Several NLSI scientists traveled to the Grand Canyon National Park and used the superimposition of our two most prominent celestial objects as an opportunity to explain to several thousand visitors about some of NASA’s past, current and future projects relating to the sun and moon. These include the Lunar Atmosphere and Dust Environment Explorer (LADEE), which will orbit the moon in order to characterize its atmosphere and the lunar dust environment, and the Interface Region Imaging Spectrograph, (IRIS) ,which will make detailed measurements of the flow of energy and plasma through the sun’s atmosphere and heliosphere.

The NLSI team gave presentations to three full-house audiences in the park’s theater and hosted an exhibit in its main visitor center. Samples of moon and Mars rocks and meteorites that people could handle were on display, as well as a model of a LADEE.

“Multiple missions to the moon in the past five years have revealed our nearest celestial neighbor is a fascinating place,” said NLSI director Yvonne Pendleton, who spoke at the event “The Apollo-era views, rich in geological insights from samples that continue to be studied today, have been enlarged to reveal detailed topography, composition and a bombardment history that will fascinate researchers for many years to come.”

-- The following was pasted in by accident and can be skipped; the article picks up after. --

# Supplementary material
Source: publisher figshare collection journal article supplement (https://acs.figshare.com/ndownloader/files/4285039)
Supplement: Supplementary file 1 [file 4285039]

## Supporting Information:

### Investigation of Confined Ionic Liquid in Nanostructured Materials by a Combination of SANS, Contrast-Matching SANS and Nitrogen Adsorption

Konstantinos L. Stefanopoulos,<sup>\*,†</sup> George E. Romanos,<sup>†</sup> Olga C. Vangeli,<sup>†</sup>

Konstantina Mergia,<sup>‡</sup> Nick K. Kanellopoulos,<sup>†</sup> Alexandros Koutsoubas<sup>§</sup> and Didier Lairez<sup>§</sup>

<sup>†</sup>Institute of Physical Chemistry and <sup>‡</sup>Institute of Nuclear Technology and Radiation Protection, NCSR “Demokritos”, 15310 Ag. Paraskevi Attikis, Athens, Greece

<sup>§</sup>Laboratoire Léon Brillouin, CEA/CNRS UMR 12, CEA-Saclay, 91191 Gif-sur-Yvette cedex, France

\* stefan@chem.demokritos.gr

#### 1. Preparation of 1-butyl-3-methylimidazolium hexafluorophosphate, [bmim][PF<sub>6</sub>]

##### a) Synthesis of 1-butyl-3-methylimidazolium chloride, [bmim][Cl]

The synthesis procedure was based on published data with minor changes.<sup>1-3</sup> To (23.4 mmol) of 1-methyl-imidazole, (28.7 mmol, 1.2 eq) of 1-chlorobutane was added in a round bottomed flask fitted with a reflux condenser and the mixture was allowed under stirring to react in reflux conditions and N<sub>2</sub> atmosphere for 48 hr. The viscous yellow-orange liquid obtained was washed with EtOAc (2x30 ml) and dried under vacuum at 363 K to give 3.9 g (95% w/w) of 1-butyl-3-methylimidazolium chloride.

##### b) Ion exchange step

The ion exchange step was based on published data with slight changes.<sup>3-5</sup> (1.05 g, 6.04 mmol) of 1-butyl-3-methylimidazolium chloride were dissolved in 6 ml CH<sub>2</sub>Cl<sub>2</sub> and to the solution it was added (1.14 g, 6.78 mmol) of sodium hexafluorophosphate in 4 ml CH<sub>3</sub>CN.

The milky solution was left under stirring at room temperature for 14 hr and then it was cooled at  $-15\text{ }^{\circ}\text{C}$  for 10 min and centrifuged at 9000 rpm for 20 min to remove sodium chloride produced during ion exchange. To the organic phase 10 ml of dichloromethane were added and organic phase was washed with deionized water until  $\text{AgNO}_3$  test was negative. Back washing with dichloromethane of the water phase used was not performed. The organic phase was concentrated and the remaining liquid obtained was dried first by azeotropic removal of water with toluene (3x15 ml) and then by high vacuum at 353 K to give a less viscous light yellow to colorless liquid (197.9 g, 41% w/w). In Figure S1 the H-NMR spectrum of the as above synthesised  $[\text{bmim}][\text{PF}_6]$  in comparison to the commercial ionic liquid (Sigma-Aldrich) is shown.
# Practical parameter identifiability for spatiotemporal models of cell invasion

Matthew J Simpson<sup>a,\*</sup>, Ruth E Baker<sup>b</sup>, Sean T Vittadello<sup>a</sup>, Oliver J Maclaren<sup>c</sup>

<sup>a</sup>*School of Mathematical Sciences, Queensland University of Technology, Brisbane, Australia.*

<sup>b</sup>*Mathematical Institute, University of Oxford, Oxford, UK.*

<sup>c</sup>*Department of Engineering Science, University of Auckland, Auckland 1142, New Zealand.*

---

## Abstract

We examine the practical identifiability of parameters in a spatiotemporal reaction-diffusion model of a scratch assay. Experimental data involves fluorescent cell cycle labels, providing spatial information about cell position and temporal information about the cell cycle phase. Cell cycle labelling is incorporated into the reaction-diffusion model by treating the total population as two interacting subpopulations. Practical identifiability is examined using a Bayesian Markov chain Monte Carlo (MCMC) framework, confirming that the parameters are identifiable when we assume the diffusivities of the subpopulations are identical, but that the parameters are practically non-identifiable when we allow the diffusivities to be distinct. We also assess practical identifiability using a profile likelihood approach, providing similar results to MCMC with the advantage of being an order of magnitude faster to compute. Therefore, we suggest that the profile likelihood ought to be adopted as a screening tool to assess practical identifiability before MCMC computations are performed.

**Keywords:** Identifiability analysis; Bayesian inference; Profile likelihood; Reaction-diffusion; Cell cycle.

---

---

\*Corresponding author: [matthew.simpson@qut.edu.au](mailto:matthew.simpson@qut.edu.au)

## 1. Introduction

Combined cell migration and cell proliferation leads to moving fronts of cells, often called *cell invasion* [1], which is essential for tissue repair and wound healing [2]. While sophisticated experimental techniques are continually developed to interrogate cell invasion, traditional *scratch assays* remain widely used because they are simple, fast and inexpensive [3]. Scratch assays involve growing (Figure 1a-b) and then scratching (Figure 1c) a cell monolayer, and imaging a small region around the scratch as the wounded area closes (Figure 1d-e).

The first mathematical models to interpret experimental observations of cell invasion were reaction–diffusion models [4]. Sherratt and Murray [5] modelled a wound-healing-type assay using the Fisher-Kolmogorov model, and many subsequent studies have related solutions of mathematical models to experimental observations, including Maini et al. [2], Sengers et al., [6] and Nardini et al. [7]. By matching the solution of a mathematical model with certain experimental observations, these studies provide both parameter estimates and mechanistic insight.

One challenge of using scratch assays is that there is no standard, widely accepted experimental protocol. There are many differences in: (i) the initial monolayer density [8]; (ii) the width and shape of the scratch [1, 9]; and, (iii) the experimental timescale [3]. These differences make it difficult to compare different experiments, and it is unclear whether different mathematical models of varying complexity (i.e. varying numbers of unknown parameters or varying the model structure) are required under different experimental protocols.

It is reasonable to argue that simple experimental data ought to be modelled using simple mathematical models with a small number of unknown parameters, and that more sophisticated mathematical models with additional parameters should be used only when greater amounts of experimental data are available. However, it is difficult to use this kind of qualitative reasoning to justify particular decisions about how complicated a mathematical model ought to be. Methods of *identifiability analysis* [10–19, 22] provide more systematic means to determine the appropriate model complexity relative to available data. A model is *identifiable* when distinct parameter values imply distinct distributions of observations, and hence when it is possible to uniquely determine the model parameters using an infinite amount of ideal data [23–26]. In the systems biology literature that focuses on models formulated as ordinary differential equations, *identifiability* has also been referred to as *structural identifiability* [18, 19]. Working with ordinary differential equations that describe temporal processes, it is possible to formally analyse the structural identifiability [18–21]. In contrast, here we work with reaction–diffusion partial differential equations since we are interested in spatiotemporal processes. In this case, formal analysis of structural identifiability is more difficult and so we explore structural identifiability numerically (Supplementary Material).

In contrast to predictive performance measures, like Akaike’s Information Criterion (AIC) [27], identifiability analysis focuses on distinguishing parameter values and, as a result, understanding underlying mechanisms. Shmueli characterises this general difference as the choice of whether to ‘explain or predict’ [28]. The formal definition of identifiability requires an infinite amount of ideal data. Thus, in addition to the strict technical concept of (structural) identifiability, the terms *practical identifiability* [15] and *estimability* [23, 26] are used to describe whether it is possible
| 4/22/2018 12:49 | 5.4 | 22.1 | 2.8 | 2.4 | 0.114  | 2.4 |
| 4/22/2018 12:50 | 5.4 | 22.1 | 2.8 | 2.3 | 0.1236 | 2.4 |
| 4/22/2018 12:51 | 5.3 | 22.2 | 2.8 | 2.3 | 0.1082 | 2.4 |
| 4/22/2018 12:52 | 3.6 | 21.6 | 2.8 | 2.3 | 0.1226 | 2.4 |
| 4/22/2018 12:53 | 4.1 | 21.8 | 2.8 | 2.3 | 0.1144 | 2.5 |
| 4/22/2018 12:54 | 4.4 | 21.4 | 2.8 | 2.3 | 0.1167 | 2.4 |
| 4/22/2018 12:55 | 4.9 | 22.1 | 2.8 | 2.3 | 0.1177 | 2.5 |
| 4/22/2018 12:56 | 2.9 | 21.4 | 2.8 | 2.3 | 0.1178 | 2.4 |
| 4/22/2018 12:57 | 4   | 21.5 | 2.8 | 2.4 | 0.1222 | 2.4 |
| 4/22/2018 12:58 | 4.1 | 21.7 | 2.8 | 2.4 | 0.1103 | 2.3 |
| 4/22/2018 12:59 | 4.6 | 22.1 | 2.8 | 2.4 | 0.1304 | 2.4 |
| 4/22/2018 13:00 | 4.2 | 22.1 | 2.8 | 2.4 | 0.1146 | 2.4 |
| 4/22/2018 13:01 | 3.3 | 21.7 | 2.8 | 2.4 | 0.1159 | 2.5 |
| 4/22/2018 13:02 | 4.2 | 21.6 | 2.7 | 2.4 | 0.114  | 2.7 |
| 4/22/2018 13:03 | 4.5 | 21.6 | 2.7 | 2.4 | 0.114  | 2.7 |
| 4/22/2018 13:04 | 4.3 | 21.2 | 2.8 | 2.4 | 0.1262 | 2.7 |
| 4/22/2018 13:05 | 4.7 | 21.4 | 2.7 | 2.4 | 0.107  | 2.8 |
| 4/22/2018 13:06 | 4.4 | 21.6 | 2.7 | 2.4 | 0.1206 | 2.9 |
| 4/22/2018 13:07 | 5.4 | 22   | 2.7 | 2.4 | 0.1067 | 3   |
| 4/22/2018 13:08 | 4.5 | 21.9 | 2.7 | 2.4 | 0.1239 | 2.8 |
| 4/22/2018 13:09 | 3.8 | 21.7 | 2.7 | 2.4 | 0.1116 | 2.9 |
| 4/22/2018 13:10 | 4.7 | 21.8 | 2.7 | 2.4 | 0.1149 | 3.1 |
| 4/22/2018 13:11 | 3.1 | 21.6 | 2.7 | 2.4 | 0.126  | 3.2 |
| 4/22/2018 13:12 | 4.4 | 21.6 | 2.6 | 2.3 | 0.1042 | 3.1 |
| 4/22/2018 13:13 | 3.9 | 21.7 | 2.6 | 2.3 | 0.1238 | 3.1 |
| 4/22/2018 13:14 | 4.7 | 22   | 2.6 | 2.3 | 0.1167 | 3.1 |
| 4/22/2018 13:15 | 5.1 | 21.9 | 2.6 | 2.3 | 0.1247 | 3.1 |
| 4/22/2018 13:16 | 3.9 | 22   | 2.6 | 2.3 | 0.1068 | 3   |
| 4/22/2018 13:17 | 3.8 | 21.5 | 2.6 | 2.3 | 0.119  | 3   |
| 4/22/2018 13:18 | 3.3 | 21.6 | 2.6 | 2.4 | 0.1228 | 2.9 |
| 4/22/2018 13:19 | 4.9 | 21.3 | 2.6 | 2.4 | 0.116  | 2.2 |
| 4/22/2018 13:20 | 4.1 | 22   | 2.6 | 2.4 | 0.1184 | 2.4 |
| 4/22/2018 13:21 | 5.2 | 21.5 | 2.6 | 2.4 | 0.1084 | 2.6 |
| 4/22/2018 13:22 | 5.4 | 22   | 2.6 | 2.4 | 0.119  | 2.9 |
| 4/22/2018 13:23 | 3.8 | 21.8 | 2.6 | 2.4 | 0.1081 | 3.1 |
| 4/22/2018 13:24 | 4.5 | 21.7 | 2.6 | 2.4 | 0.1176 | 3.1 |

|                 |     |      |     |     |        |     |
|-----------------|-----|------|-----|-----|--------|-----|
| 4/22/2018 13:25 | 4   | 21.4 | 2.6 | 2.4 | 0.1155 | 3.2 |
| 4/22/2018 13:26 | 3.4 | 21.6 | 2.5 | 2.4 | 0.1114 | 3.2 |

More than 2,000 people viewed the eclipse at the event. Safe viewing equipment was also sent to other national parks and another public viewing was held by one of the NLSI teams at the University of Colorado football stadium in Boulder, where 10,000 people viewed the partial eclipse.

“Nature has provided us with a unique opportunity to capitalize on the huge public interest in the sun and moon,” said NLSI Director of Education and Public Outreach Brian Day. “It is an excellent opportunity to engage with the public and explain what we are doing at Ames.”

Although there have been a number of partial eclipses in recent years, May 20, 2012 was the first time in 18 years that we have been able to see the moon pass directly across the center of the sun from the U.S. James Schalkwyk
Ames Research Center, Moffett Field, Calif.

 
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Posted by on June 12, 2012 in Earth Changes, NASA, Science, Space